When I started university at seventeen in 2002, the binge-drinking weekends became binge-drinking weeks. University culture involves societies, and societies do all their business on weekday evenings, and all of that business is done in the pub. Being a shy person, and finding myself in a position of having to make new friends by myself for the first time since I’d started primary school in 1989, I felt I needed the extra Dutch courage. Furthermore, being wholly in charge of keeping myself fed and watered for the first time, I found I was running out of money earlier in the month than I would have liked, and so I got into the habit of eating less so I could drink more. I had enough energy that I was just about making it to classes – most of the time – but it became normal to me to feel constantly ill due to the drunk/hungover cycle.
However, I was still immersed in a hybrid of cultures that normalised this kind of drinking, and so when my psychotherapist referred me to the Alcohol Problems Unit at the Royal Edinburgh Hospital, neither I nor anyone I knew really took it seriously. I’d fallen into a comfortable role as ‘the drunk one’ in every friend group, and so I was used to treating the whole thing as a joke. I vaguely tried to follow the advice I was given – which was to alternate alcoholic drinks with soft drinks – but as soon as I had one alcoholic drink, I wanted another, and soft drinks just seemed like a waste of time. I attended the APU (sporadically – I would often miss appointments due to being hungover) between late 2004 and early 2006, and yet my 2005 diary, where I recorded my daily intake (the Bridget Jones influence was strong with me at that point) is frightening. Almost half of my entries are written in my drunk handwriting, and I was averaging about 100 units a week.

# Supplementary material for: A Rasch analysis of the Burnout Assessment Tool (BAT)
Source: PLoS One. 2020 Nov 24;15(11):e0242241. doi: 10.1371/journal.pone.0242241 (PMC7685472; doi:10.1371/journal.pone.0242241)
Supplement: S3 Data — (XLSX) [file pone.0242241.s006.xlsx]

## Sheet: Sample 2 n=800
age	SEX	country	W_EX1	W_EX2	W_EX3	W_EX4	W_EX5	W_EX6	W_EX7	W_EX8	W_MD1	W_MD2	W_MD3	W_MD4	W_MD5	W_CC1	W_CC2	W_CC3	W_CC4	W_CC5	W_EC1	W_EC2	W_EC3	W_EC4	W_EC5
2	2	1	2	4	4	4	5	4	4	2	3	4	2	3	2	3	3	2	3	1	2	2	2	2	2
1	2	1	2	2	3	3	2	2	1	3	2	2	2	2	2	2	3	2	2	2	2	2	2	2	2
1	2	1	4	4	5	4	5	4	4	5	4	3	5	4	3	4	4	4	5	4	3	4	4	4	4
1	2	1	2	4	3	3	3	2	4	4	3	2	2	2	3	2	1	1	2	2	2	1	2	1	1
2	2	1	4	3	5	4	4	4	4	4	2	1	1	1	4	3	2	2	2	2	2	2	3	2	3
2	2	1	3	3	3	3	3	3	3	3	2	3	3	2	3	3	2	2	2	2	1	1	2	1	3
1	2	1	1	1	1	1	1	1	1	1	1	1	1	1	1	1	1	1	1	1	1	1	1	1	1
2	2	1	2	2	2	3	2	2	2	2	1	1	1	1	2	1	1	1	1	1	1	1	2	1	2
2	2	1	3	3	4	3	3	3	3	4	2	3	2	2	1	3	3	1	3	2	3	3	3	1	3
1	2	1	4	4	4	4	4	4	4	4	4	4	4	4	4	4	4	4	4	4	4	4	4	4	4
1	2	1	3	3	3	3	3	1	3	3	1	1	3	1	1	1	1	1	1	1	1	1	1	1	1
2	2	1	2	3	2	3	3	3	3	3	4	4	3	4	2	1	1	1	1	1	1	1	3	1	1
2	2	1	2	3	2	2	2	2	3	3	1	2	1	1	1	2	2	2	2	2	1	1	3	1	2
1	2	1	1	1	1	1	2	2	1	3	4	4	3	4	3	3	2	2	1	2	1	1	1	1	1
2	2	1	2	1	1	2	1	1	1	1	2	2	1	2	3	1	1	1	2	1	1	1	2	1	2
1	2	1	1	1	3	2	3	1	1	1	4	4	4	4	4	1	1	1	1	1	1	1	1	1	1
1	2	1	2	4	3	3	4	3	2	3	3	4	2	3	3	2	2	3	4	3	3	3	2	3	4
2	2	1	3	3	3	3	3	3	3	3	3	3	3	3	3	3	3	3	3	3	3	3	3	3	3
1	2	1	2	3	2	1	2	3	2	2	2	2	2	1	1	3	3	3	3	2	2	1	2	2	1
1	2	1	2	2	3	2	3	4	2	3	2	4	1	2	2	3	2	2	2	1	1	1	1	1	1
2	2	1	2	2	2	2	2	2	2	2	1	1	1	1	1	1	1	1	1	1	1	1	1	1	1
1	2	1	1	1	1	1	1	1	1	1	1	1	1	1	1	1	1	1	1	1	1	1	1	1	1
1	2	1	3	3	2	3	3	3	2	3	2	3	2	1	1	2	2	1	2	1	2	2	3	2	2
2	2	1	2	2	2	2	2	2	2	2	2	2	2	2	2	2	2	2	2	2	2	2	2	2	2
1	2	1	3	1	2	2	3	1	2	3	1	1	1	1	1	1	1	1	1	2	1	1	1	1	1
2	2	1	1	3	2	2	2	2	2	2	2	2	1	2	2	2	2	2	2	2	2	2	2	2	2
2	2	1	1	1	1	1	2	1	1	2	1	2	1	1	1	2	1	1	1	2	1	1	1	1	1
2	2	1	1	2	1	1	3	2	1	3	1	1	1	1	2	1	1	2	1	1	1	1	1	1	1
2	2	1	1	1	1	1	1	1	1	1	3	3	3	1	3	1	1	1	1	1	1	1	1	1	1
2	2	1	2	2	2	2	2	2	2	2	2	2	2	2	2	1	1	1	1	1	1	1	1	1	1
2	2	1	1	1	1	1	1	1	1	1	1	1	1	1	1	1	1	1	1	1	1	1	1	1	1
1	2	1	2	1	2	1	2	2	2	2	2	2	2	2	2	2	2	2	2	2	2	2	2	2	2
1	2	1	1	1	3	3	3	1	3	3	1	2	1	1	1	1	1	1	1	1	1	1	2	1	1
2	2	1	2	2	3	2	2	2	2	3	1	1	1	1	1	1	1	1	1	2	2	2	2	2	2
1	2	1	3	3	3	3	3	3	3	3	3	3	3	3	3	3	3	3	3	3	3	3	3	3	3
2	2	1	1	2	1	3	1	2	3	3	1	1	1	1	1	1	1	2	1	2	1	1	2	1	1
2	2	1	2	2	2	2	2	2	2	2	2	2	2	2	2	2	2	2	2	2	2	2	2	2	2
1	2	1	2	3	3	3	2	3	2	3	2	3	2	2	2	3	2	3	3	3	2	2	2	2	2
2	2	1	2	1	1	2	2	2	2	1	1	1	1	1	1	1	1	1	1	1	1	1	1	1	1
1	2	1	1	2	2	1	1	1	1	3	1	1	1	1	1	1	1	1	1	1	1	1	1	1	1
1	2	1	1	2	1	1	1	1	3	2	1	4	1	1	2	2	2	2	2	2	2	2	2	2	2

After I got together with Geth in late 2005, things didn’t improve. He liked a drink as much as I did, and he was also fond of big weekends – Six Nations rugby weekends, weekends away in London, music festivals. All of these basically constituted hardcore weekend benders – there are many festivals and rugby days that I don’t actually have any memory of, and my memory is really good – and that was our lifestyle for a good decade plus.
Furthermore, when I graduated from university in 2008, I quit smoking (meaning alcohol became my only stress-relieving drug), stopped having a reason to walk anywhere, and so started piling on weight. This just meant that I had a greater tolerance for alcohol, so I ended up drinking more, and putting on more weight, and the cycle continued.